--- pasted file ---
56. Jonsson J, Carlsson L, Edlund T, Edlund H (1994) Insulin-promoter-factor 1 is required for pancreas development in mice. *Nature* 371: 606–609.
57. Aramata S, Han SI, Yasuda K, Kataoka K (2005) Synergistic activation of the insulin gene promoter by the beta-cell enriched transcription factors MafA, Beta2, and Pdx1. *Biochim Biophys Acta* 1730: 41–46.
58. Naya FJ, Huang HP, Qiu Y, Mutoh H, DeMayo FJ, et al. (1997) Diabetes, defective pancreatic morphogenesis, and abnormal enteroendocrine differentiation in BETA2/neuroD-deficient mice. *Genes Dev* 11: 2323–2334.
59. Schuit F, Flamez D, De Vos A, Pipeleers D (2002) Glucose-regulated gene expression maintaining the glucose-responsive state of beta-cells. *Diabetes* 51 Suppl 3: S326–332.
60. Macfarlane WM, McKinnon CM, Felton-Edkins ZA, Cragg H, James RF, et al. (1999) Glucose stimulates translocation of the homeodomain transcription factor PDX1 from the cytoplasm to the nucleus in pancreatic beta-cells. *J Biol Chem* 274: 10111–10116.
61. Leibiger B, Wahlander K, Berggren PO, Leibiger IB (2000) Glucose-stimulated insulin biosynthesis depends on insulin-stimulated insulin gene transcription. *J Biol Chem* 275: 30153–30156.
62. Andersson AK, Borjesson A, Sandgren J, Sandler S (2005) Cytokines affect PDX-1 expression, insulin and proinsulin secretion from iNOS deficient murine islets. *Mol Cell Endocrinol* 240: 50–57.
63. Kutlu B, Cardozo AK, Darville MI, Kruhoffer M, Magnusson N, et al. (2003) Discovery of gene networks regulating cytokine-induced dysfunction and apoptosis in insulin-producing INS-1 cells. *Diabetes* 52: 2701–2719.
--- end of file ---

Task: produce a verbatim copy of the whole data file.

56. Jonsson J, Carlsson L, Edlund T, Edlund H (1994) Insulin-promoter-factor 1 is required for pancreas development in mice. *Nature* 371: 606–609.
57. Aramata S, Han SI, Yasuda K, Kataoka K (2005) Synergistic activation of the insulin gene promoter by the beta-cell enriched transcription factors MafA, Beta2, and Pdx1. *Biochim Biophys Acta* 1730: 41–46.
58. Naya FJ, Huang HP, Qiu Y, Mutoh H, DeMayo FJ, et al. (1997) Diabetes, defective pancreatic morphogenesis, and abnormal enteroendocrine differentiation in BETA2/neuroD-deficient mice. *Genes Dev* 11: 2323–2334.
59. Schuit F, Flamez D, De Vos A, Pipeleers D (2002) Glucose-regulated gene expression maintaining the glucose-responsive state of beta-cells. *Diabetes* 51 Suppl 3: S326–332.
60. Macfarlane WM, McKinnon CM, Felton-Edkins ZA, Cragg H, James RF, et al. (1999) Glucose stimulates translocation of the homeodomain transcription factor PDX1 from the cytoplasm to the nucleus in pancreatic beta-cells. *J Biol Chem* 274: 10111–10116.
61. Leibiger B, Wahlander K, Berggren PO, Leibiger IB (2000) Glucose-stimulated insulin biosynthesis depends on insulin-stimulated insulin gene transcription. *J Biol Chem* 275: 30153–30156.
62. Andersson AK, Borjesson A, Sandgren J, Sandler S (2005) Cytokines affect PDX-1 expression, insulin and proinsulin secretion from iNOS deficient murine islets. *Mol Cell Endocrinol* 240: 50–57.
63. Kutlu B, Cardozo AK, Darville MI, Kruhoffer M, Magnusson N, et al. (2003) Discovery of gene networks regulating cytokine-induced dysfunction and apoptosis in insulin-producing INS-1 cells. *Diabetes* 52: 2701–2719.